No. 81: May-Jun 1992
March 13, 1989. This night on a cattle ranch in South Dakota, L. Hasselstrom was dazzled by waves of blue auroral light sweeping up from the horizon and meeting at a focal point nearly directly overhead. As the sky blazed, with the blue waves and crimson streamers, she heard:
"...a distant tinkling, like bells. It came again, louder, just as a curtain of green light swept the entire width of the sky from north to south. Each time green flushed the sky, the bells rang, the sound softening to a gentle tinkle as the light died."
(Hasselstrom, Linda; "Night of the Bells," Readers Digest, p. 185, April 1992. Cr. J.B. Dotson.)
Comment. Note the correlation of the sound with the green portion of the aurora.
July 29, 1990. On Coll Island in Centennial Lake, 120 kilometers west of Ottawa. Watching an auroral display, L.R. Morris heard the sound of the aurora:
"It was a faint but distant windlike sound; which, by process of elimination, could not be accounted for by any phenomenon other than the aurora."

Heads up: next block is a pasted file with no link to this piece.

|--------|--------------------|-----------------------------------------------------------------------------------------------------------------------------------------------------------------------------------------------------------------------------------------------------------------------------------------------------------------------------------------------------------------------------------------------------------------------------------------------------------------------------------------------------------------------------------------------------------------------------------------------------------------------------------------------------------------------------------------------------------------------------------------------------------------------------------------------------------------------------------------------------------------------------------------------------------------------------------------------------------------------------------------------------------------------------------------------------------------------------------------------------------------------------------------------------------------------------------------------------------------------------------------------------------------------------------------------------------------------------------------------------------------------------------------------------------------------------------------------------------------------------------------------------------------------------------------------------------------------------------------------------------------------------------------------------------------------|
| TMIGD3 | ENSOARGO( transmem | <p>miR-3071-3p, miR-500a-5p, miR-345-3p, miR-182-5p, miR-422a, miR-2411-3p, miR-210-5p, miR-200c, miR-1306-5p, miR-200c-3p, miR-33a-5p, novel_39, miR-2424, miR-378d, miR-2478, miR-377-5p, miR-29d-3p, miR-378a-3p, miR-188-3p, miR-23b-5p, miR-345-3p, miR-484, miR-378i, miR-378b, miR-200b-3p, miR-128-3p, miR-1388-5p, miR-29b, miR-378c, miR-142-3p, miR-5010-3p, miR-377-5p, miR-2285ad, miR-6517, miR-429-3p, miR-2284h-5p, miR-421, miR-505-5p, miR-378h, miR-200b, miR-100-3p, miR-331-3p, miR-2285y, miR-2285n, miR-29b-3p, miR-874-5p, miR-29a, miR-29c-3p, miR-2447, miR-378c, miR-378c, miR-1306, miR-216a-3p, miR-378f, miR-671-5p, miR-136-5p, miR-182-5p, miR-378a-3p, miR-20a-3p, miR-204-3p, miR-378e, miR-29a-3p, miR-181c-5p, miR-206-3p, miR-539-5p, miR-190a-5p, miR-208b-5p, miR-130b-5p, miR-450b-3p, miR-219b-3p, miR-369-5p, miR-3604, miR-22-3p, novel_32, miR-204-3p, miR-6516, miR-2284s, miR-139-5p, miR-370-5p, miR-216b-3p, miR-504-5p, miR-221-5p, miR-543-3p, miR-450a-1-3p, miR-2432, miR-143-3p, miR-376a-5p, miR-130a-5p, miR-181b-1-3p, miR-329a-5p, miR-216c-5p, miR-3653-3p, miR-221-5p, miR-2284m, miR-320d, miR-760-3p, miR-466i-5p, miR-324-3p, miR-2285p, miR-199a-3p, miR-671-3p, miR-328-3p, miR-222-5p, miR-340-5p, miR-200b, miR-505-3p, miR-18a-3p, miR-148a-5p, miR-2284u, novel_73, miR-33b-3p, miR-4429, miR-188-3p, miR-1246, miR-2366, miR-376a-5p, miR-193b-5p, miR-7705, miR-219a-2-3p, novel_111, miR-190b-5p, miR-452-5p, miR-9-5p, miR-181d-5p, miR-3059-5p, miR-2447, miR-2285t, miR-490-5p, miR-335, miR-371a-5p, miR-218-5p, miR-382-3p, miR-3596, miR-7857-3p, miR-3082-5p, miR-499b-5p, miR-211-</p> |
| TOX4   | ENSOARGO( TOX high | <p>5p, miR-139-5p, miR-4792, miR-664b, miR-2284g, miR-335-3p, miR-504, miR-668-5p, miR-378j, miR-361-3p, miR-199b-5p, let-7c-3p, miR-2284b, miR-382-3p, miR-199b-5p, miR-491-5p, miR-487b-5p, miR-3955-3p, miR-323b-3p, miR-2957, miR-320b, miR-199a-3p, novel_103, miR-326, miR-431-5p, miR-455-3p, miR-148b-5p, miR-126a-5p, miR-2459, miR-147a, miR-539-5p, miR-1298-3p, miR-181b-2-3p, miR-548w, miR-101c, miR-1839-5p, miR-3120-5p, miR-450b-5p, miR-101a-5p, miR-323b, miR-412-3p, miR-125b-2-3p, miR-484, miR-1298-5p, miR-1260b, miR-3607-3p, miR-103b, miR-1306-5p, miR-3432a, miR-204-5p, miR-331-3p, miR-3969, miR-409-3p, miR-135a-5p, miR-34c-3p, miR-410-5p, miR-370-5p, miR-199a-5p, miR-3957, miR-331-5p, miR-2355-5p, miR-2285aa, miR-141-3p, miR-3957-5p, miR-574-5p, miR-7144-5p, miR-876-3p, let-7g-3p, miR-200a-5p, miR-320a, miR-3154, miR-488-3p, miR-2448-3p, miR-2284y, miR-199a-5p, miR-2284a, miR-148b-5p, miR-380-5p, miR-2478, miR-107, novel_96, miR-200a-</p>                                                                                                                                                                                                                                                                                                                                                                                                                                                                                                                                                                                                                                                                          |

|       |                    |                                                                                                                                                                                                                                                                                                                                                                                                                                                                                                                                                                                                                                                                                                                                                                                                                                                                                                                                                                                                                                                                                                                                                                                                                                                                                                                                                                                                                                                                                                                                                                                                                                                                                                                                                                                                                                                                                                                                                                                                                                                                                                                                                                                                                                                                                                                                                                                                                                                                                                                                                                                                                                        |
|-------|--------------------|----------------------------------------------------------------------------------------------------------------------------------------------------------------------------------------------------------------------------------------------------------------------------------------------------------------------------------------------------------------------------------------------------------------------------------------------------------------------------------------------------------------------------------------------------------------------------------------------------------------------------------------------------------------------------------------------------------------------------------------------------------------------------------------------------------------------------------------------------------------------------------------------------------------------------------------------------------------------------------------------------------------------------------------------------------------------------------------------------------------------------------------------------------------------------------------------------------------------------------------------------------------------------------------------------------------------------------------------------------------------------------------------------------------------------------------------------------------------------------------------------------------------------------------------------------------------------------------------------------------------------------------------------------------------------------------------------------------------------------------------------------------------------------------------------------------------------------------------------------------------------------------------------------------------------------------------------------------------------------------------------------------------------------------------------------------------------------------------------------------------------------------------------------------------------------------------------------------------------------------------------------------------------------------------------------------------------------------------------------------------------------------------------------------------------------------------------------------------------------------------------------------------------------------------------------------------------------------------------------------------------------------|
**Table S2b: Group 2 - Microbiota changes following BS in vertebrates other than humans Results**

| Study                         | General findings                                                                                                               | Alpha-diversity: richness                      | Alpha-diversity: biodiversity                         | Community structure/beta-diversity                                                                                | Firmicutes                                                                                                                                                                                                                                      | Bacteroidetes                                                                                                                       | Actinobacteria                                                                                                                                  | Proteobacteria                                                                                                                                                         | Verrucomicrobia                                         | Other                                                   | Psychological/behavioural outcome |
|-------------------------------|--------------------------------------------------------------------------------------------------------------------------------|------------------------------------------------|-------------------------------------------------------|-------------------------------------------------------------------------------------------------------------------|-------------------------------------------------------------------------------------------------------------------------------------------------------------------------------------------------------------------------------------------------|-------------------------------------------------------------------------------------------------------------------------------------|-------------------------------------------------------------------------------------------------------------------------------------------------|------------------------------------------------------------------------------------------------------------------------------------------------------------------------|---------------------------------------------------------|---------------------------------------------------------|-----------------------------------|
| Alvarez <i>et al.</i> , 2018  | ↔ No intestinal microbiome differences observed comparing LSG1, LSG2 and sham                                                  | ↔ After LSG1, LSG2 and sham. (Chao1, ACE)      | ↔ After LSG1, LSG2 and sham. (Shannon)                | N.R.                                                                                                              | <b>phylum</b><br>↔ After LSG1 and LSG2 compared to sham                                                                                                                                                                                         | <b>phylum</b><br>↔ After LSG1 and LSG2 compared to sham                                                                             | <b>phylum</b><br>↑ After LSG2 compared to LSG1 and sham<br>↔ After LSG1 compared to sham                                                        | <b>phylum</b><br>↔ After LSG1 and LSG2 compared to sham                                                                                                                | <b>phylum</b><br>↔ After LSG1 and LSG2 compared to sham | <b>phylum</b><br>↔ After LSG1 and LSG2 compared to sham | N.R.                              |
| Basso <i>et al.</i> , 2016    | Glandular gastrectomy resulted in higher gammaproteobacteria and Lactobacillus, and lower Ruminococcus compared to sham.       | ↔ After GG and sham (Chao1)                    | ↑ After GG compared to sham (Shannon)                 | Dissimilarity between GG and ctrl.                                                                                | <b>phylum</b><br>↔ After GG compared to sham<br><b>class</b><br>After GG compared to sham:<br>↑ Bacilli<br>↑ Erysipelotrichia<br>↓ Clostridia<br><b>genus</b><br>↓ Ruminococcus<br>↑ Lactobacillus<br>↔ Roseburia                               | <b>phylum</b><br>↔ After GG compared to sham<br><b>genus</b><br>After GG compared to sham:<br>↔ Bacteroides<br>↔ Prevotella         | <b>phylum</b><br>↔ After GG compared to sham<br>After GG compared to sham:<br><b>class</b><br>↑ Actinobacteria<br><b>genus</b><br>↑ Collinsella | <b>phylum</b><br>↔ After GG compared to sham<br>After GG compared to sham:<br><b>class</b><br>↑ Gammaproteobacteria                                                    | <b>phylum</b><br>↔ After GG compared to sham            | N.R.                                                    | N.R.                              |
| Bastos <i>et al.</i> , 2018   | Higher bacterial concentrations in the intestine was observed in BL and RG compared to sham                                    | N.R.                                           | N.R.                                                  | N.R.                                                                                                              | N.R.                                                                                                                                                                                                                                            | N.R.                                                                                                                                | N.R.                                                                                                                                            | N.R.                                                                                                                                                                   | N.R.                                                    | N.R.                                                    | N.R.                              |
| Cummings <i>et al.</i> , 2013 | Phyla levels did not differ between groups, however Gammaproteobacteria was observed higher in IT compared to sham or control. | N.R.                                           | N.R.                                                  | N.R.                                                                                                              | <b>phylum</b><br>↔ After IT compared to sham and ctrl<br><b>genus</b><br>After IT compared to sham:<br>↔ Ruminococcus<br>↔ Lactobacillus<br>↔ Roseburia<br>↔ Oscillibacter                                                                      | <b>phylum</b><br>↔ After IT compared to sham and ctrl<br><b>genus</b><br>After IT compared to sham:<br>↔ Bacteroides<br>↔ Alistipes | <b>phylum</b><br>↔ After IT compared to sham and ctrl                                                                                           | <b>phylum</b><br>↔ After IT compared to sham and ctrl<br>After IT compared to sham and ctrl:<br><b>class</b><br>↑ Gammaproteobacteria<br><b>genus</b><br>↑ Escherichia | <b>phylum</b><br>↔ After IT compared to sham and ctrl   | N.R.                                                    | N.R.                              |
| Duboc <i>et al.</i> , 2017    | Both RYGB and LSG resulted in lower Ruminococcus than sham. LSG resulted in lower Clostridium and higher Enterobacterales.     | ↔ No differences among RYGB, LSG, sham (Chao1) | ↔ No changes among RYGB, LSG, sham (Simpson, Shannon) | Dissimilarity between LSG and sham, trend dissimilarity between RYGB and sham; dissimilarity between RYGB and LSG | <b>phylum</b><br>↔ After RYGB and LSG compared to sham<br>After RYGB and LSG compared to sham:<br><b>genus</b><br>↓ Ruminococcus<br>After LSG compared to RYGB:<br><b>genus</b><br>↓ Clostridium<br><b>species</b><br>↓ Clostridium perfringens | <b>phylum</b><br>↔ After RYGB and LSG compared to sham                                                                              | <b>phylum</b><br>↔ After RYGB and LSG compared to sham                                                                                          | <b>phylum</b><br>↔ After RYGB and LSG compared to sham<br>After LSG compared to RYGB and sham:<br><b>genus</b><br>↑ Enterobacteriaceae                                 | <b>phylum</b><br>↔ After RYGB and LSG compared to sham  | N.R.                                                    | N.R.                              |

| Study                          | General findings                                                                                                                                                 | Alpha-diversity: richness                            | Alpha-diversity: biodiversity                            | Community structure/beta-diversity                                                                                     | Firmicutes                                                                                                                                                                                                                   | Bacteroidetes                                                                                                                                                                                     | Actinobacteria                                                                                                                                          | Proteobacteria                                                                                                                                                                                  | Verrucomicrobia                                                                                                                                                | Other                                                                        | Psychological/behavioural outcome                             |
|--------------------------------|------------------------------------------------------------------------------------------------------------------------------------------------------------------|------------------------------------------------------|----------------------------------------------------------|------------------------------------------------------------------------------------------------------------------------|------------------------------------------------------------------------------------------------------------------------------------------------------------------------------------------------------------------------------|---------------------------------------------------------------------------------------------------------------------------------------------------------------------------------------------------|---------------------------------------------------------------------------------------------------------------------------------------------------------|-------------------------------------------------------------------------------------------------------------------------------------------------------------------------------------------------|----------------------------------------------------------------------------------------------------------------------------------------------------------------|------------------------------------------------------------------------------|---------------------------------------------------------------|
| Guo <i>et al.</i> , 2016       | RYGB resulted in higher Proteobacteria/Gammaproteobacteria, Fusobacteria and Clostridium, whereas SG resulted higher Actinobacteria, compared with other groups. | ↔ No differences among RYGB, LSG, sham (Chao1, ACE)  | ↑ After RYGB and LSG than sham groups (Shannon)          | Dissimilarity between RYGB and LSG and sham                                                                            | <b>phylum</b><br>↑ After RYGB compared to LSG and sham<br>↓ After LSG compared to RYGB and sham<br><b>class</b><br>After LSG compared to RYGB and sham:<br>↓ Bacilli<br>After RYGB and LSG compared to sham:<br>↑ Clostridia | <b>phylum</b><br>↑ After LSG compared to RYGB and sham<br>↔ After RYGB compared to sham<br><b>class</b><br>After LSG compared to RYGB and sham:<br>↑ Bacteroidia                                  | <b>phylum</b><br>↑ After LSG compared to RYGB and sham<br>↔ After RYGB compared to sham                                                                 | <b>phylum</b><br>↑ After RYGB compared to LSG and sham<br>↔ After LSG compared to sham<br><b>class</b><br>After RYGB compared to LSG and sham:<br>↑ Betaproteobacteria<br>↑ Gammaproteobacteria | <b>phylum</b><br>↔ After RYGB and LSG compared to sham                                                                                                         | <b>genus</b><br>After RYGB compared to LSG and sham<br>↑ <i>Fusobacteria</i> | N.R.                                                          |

(Anonymous; "Auroral Sounds," Sky & Telescope, 83:105, January 1992. Cr. D. Snowhook.)
Comment. Auroras have been heard for centuries, but they "shouldn't be." Current theory restricts auroral activity to altitudes above 50 miles, where a fair vacuum prevails, and sound generation and propagation are impossible. One explanation for auroral sounds is that intense electromagnetic waves created by the auroras sweep through the observer's brain and are rendered as sound (electrophonic sound). But perhaps some auroras reach down lower into the atmosphere than theory allows. See GSH3 in our catalog: Earthquakes, Tides, Unidentified Sounds. To order, visit: here.
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